The impact of trucks on greenhouse gas emissions is oversized. Comprising just over 4 percent of vehicles in the United States and 9 percent of total mileage, they consume more than 25 percent of fuel—50 billion gallons of diesel each year. Worldwide, road freight is responsible for about 6 percent of all emissions, and growing.
Project Drawdown defines the trucks solution as: the increased use of fuel reduction technologies and approaches for trucking. This solution replaces conventional trucking technologies and approaches.
Heavy trucks use about 50 percent of all freight industry energy, and light trucks another 20 percent; trucks are, therefore, responsible for a majority of emissions in the freight industry. Growth in emissions continues despite the use of more efficient vehicles and despite reduced freight demand from the 2008 financial crisis. Carbon emissions from trucking and other commercial operations are predicted to grow even more rapidly than those from personal transportation.
Ways of increasing fuel efficiency
There are two tracks for increasing fuel efficiency: (1) building it into the design of new trucks and (2) driving it up in rigs already on the road.
New models are sporting:
- better engines and aerodynamics,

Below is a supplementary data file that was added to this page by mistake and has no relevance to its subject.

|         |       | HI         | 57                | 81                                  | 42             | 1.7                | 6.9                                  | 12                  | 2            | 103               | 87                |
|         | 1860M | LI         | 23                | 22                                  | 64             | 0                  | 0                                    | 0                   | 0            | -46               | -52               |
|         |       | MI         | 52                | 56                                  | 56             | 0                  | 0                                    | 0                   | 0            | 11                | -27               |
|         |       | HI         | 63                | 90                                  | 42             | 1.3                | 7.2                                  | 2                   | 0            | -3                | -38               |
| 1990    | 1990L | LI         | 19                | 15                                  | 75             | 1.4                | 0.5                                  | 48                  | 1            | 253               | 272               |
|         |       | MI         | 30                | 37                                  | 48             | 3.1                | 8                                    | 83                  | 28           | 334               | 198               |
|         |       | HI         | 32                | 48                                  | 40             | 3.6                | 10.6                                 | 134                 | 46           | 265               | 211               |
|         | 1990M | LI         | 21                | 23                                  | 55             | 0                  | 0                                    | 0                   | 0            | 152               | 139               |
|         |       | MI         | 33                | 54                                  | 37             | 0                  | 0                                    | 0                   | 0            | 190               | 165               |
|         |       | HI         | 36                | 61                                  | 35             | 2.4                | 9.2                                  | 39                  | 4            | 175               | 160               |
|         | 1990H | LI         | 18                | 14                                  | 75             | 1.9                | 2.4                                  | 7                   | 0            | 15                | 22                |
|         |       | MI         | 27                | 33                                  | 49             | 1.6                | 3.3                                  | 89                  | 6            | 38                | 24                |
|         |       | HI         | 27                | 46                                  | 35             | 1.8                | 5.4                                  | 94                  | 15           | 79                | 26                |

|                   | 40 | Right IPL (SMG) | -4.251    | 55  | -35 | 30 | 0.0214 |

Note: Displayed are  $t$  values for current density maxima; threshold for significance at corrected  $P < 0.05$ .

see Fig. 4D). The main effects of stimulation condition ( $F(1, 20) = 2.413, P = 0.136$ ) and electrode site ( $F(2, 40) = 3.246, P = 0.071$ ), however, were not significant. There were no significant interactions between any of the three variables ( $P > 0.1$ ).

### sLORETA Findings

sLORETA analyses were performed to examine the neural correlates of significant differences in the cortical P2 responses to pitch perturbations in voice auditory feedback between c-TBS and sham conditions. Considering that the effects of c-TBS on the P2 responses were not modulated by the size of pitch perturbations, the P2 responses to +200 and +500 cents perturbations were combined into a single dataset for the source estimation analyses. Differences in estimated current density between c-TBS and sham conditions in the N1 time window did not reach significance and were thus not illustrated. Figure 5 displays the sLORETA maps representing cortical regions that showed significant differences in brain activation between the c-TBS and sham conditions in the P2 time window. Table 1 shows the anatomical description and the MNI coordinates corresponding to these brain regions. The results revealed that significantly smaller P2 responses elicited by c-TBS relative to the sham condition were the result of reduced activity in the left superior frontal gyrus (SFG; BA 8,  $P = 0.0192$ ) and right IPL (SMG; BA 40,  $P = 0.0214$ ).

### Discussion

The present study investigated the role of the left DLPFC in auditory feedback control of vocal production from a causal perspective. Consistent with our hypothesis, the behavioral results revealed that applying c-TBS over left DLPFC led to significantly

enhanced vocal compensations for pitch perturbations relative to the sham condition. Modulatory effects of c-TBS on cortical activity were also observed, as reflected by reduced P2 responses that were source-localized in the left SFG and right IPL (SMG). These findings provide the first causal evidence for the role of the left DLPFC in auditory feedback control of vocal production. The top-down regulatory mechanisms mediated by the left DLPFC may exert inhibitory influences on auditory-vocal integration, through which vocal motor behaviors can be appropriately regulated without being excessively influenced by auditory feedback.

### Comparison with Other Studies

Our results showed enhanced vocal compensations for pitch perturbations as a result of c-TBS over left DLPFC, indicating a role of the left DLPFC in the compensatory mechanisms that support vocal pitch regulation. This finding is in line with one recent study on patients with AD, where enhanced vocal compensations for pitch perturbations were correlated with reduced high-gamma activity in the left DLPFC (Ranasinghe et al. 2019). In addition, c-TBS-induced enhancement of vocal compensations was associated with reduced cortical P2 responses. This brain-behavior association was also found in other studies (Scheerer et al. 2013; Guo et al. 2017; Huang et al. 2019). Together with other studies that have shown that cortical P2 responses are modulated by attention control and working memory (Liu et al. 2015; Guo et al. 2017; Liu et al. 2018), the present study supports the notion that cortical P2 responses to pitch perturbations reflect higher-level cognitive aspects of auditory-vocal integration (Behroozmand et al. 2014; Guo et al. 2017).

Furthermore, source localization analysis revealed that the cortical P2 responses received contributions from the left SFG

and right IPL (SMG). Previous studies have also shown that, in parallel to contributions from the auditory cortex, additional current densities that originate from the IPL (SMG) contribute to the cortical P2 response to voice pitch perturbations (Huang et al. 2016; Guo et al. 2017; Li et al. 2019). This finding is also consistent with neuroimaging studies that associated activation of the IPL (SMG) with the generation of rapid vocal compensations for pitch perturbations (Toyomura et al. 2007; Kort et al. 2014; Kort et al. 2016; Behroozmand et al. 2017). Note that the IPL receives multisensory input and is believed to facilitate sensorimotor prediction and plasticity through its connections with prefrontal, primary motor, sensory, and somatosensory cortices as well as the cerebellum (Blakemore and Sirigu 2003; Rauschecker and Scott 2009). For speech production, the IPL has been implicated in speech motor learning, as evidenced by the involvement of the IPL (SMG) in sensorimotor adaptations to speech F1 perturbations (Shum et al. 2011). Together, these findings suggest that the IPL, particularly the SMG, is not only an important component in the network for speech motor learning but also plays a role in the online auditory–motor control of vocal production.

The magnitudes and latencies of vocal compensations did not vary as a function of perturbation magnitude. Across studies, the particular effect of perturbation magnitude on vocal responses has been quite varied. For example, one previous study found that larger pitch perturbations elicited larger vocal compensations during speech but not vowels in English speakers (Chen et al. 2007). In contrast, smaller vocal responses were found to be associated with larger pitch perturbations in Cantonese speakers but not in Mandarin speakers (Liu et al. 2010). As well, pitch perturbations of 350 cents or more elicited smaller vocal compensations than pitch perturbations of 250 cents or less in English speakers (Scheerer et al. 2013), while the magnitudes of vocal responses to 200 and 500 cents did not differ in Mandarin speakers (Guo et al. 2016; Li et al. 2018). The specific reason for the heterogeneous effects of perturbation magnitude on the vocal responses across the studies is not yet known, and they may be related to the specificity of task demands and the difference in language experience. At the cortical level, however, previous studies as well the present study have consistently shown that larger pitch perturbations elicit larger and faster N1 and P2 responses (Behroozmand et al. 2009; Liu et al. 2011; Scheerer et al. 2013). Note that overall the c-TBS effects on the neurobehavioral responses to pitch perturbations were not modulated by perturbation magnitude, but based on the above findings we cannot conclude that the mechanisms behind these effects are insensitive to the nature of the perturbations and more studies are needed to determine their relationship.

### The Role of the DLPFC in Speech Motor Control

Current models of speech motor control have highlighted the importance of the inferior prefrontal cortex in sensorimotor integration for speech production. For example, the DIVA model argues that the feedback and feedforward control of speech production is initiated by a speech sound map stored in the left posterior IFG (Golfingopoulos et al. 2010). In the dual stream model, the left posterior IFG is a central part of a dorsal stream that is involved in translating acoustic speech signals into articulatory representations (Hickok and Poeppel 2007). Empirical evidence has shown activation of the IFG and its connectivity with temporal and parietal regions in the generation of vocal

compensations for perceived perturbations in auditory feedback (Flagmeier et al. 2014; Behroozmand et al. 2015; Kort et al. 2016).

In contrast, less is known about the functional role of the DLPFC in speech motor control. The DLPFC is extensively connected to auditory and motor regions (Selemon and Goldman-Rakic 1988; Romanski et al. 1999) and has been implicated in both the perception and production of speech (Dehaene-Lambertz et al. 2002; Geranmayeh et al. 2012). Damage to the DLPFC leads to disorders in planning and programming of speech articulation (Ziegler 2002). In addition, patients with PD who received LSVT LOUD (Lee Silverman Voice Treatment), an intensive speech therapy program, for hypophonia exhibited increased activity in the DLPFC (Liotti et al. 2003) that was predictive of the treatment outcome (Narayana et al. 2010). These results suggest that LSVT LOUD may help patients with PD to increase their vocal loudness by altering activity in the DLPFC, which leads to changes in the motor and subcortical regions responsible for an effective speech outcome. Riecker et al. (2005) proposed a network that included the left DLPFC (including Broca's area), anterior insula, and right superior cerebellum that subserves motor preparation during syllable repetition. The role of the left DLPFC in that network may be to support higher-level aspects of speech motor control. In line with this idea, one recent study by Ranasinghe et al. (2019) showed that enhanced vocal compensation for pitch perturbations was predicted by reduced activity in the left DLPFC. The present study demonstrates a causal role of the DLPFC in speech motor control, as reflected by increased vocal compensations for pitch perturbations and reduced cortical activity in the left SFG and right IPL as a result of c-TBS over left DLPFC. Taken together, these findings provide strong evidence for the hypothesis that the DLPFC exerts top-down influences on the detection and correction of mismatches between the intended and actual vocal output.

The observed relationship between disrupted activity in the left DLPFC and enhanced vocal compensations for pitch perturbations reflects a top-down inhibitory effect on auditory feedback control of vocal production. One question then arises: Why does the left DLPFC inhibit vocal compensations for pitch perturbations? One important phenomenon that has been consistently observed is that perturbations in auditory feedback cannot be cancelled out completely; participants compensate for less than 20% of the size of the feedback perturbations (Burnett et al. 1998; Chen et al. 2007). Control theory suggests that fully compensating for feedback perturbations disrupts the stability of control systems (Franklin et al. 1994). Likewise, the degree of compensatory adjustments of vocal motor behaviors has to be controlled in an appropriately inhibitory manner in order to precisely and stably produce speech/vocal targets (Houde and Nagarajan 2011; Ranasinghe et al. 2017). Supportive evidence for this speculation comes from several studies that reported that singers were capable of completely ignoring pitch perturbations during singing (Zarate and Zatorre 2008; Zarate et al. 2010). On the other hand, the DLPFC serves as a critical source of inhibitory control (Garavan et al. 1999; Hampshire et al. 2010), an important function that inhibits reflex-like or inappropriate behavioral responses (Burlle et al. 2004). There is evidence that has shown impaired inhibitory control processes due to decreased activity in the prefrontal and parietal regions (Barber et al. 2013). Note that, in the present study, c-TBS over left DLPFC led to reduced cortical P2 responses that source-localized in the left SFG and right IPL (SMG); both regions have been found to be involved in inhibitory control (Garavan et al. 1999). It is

- lighter weights,
- less rolling resistance for tires,
- hybridization, and
- automatic engine shutdown.
Based on 2010 U.S. prices, investing in these modernizations for a new truck can cost around $30,000, but save almost that much in fuel costs per year.
If adoption of fuel-saving technologies grows from 2 percent to 85 percent of trucks by 2050, this solution can deliver 6.2 gigatons of carbon dioxide emissions reductions. An investment of $544 billion to implement could save $2.8 trillion on fuel costs over thirty years.
Because tractor-trailers remain on the road for many years, addressing the efficiency of existing fleets is critical. An array of measures can trim energy waste and increase fuel performance, such as anti-idling devices, upgrades that improve aerodynamics and reduce rolling resistance, and automatic cruise-control devices. Added up, they can make a significant dent in fuel use and costs.
Adoption of this solution does, however, have a few barriers:
- Fragmented markets and limited access to capital: In many countries, the trucking industry has a large number of owner-operators (each with fewer than five trucks), and multiple stakeholders involved in trucking transactions. This could reduce the ratio of benefits to costs if borrowing/investment costs are higher due to the small size of the operation.
- Split benefits: With many truck-trailer combinations, the trailer has a different owner than the truck, creating a question of who pays for the upgrades and who reaps the benefits of fuel savings.
- Lack of information, education, trust, and momentum in many countries.
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